Taxonomy and Classification of Viruses
MODERN VIRUS TAXONOMY
The number of
viruses as pathogens or silent passengers of other organisms, from bacteria to the dominant mammal, is very large. As we explore new niches for life and as thesensitivity and specificity of detection techniques improve,the list of viruses expands. Today, the International Com-mittee on Taxonomy of Viruses (ICTV) recognizes about1,550 virus species (20), but some 30,000 virus strains andisolates are being tracked by virologists in different fields of biology. The ICTV is the "international court" of expertsthat rules on names and relationships of all viruses, but only to the level of species. Virus taxonomy has been described as "a polarizing subject, based on the opinionated use of data" (12). Rec-ognizing this intrinsic problem, ICTV took early initiativesin electronic data management (1) and has supported thedevelopment of a universal virus database, ICTVdB, since1991. The last sentence in Melnick's chapter, "Taxonomy and Classification of Viruses," in the previous edition of this Manual (11) referred to the recent development of ICTVdB. Although originally designed as a tool fortaxonomic research, ICTVdB will soon be available as acontinually updated reference source for clinical and otheruses. This chapter is dedicated to Melnick and takes up hiscue. It briefly outlines recent developments in virustaxonomy, describes the decimal code
classification thathas emerged in the construction of the database, andillustrates the utility
the database with a summary of viruses causing human diseases. While this chapter was being prepared, ICTVdB wasaugmented with symptom data for viruses that infect hu-mans and is now congruent with the World Health Orga-nization International Code of Diseases (22) (ICD-10)( http://www.who.int/whosis/icd10/ ).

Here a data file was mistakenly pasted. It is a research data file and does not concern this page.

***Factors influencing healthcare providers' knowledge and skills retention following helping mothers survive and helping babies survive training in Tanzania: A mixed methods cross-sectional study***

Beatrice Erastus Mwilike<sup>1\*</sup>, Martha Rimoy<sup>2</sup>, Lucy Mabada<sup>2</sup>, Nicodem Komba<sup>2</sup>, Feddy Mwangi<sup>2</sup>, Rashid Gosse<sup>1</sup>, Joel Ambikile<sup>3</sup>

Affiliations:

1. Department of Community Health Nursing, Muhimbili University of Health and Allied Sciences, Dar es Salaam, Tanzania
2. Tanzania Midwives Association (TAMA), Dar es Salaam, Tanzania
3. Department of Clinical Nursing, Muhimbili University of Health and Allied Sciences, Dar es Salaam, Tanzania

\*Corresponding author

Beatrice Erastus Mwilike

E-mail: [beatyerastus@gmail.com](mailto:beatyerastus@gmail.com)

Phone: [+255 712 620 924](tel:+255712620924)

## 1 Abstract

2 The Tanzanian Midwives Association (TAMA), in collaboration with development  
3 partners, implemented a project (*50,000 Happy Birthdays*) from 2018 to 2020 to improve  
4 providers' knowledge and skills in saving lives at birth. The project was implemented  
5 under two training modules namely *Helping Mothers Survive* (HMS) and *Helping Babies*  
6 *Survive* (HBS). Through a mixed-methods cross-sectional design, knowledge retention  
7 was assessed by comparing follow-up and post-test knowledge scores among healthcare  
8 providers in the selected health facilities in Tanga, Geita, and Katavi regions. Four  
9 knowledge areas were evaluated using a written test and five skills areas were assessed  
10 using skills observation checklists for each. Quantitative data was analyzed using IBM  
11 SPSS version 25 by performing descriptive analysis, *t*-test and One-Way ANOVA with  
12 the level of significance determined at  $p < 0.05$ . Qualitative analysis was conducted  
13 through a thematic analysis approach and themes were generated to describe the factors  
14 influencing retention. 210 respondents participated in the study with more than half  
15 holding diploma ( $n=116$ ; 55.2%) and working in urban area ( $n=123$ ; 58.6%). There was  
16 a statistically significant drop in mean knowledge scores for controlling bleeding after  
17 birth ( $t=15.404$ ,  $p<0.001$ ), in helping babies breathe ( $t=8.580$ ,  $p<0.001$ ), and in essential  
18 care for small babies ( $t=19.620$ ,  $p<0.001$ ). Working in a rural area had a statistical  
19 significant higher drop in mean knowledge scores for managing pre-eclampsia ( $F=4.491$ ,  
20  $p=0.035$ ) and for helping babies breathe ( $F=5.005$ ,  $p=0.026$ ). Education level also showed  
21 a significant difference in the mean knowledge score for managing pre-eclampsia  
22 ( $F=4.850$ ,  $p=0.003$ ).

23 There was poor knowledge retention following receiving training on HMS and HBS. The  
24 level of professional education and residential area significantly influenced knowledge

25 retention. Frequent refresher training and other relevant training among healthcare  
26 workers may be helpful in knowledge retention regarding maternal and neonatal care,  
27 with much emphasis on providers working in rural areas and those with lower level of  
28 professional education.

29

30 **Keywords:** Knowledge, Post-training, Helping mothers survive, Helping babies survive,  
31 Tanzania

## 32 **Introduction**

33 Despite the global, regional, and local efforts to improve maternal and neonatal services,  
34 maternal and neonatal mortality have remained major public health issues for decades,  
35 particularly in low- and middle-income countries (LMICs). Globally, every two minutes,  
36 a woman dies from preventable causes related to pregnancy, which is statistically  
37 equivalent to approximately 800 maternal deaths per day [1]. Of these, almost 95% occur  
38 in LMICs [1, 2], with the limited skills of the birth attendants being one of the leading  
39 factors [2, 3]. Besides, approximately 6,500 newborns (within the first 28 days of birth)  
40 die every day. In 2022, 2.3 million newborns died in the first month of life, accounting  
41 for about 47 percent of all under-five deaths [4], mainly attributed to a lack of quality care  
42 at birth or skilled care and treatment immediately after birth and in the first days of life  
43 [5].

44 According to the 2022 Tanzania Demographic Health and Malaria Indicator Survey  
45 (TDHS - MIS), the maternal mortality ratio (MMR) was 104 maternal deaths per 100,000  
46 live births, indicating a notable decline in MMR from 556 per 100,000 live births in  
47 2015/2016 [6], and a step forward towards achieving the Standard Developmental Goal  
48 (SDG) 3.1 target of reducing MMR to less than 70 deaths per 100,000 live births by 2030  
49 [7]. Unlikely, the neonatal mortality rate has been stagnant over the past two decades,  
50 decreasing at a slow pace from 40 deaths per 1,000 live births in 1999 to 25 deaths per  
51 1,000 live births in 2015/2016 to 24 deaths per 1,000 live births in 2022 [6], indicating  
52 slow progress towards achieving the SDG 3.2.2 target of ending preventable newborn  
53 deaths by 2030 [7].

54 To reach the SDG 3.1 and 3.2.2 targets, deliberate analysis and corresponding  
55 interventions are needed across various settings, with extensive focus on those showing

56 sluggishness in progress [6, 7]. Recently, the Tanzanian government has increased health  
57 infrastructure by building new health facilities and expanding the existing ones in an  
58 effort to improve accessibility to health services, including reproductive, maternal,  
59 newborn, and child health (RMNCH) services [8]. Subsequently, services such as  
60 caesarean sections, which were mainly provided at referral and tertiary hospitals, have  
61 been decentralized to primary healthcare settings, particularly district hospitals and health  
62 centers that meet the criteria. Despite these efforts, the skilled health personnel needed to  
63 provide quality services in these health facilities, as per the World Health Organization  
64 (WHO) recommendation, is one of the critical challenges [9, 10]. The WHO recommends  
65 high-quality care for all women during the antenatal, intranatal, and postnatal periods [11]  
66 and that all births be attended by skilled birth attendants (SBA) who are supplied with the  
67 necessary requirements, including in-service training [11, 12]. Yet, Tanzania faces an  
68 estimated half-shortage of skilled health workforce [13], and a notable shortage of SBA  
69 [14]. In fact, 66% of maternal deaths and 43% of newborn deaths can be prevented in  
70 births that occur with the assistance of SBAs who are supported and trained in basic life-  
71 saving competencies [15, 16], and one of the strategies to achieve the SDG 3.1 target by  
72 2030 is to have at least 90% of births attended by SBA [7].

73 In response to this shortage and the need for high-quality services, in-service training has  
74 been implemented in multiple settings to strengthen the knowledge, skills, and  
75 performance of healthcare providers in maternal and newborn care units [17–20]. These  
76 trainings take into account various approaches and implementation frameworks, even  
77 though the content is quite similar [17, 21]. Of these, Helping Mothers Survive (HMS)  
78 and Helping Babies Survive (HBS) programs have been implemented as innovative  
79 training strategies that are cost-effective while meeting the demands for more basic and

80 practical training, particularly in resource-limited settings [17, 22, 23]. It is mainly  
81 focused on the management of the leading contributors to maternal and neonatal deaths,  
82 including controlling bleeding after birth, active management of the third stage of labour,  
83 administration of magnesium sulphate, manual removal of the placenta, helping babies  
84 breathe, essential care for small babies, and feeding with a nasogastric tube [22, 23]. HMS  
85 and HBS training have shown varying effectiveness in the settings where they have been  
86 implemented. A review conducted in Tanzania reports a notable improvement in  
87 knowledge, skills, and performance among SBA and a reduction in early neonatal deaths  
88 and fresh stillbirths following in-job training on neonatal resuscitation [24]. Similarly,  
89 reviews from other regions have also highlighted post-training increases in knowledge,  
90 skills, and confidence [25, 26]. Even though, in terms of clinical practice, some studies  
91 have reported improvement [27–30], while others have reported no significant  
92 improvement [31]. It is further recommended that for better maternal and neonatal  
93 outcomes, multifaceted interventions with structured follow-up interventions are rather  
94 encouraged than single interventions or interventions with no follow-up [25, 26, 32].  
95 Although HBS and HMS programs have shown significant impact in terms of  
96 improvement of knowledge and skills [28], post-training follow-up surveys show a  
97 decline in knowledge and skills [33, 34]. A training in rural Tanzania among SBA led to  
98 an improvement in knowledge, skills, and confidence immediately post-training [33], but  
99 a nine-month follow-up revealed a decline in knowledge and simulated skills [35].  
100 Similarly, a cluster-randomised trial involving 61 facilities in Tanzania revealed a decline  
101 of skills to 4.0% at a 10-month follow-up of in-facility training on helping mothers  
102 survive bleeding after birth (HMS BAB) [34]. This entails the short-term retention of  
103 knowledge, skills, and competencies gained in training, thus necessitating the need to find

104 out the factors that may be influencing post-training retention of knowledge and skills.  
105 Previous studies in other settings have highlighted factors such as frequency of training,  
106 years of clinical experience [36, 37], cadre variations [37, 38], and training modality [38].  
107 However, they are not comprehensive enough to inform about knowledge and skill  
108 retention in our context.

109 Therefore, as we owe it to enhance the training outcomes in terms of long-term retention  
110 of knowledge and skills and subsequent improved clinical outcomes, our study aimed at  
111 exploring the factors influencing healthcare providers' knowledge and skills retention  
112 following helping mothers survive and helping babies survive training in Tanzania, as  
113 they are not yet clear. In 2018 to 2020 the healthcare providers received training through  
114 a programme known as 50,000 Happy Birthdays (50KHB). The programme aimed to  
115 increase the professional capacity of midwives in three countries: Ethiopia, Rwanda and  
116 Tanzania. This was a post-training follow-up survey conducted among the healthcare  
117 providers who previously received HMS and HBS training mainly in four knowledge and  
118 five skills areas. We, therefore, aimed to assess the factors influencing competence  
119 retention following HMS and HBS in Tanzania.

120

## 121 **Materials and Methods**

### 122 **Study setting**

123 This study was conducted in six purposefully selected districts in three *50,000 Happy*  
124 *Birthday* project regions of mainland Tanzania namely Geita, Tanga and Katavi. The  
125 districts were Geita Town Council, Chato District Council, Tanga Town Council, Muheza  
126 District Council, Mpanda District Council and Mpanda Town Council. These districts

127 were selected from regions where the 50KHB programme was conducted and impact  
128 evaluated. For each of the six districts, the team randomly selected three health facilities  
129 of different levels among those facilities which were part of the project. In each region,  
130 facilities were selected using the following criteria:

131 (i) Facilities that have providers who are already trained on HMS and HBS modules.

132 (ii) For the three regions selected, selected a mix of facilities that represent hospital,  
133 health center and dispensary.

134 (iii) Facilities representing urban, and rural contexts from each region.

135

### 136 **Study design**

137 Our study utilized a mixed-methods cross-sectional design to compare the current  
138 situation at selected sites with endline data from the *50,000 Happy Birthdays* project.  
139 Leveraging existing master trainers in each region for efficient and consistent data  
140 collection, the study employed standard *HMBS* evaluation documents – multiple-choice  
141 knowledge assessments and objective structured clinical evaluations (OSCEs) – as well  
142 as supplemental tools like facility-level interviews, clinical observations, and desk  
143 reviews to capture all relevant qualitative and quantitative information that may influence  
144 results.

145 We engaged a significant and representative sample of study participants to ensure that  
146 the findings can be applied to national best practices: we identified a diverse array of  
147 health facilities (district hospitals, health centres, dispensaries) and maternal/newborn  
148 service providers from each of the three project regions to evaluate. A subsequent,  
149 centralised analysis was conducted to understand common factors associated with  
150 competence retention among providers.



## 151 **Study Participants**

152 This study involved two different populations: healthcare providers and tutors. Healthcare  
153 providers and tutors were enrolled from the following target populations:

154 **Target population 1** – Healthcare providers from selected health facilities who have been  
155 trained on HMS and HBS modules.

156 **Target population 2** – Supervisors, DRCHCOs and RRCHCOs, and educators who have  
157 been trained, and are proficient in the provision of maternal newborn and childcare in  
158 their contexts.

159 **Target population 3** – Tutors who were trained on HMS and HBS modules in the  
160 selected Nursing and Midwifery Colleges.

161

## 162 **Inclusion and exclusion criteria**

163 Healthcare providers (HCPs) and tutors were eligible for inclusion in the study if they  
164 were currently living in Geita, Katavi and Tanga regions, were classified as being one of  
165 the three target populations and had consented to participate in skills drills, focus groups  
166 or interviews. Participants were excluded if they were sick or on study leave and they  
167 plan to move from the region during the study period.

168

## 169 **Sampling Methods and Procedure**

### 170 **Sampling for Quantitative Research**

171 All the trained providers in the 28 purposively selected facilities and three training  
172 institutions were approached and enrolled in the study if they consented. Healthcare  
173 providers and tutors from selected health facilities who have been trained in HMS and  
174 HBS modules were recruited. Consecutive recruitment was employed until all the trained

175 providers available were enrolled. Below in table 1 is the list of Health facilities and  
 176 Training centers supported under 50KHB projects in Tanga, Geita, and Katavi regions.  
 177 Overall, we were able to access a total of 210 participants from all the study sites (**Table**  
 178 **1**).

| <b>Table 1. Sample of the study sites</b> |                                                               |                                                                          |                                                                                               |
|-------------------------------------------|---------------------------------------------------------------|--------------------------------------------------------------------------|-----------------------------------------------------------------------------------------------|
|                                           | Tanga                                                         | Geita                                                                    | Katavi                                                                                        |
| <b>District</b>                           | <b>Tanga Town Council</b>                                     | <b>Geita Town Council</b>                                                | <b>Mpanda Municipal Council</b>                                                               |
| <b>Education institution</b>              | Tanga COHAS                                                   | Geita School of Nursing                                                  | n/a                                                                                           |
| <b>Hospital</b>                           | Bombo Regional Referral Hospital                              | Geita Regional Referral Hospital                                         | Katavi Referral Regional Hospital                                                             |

RECENT DEVELOPMENTSIN VIRUS TAXONOMY
Virus taxonomy is changing rapidly, with changes ranging from the trivial (use of italics for species names) to pro-found reorganization driven by the explosion of sequenceinformation. The universal system of viral taxonomy now accepts Linnean-like classification at the levels of order,family, subfamily, genus, and species. The suffix "virales"identifies an order. Families are identified by thesuffix "-viridae," subfamilies are identified by the suffix "- virinae," and genera are identified by the suffix "-virus." Theimportance of distinguishing subspecies, strains, and isolatesin vaccine development, diagnostics, etc., is recognized, butthese lower levels are not formally classified by ICTV. Overthe last 5 years the subgeneric classification of some virusesinfecting humans has been drastically reorganized (Table 1).Few genera have escaped the attention of lumpers andsplitters, primarily because sequence information has helpedto refine earlier classifications.
International Disease Code
In the early days of virus taxonomy, clinical and pathogenicproperties, as well as ecological and transmission character-istics, were the main characteristics used to classify viruses. These remain important taxonomic parameters that can beused in the database because they have been coded in theInternational Code of Diseases (ICD-10), as is well illus-trated by the example of viruses causing hepatitis (Table 2).If the virus infection is enteric and the primary tissuetropism of the infection targets the liver leading to hepatitis,the disease is ranked according to severity. In ICD-10 theletters A and B are reserved for certain infectious andparasitic diseases. All viral hepatitis diseases in which theprimary infection is restricted to the liver tissue are found inthe section B15-19. For example, acute hepatitis A has beenassigned the code B15, whereas B16 is reserved for acuteforms of hepatitis B. B18 is used only for chronic forms of hepatitis. The digit after the decimal point is used to classify the form and severity of the disease. B15.0 and B 16.0 areused to describe a severe form of hepatitis that hasdeveloped into a coma hepaticum; B1 5.9 and B16.9, on theother hand, refer to a less severe form of hepatitis, which isnot accompanied by a coma hepaticum. If the virusinfection is not enteric and the primary target tissue is notthe liver, the disease is coded according to other criteriaeven though the infection may eventually result in a liverdisease.
Criteria for Virus Classification
As electron microscopy became a more widely accessibletool, the morphology of the virus particle (Fig. 1) became aprime characteristic for virus classification. Although most viruses have been seen in the electron microscope, these1217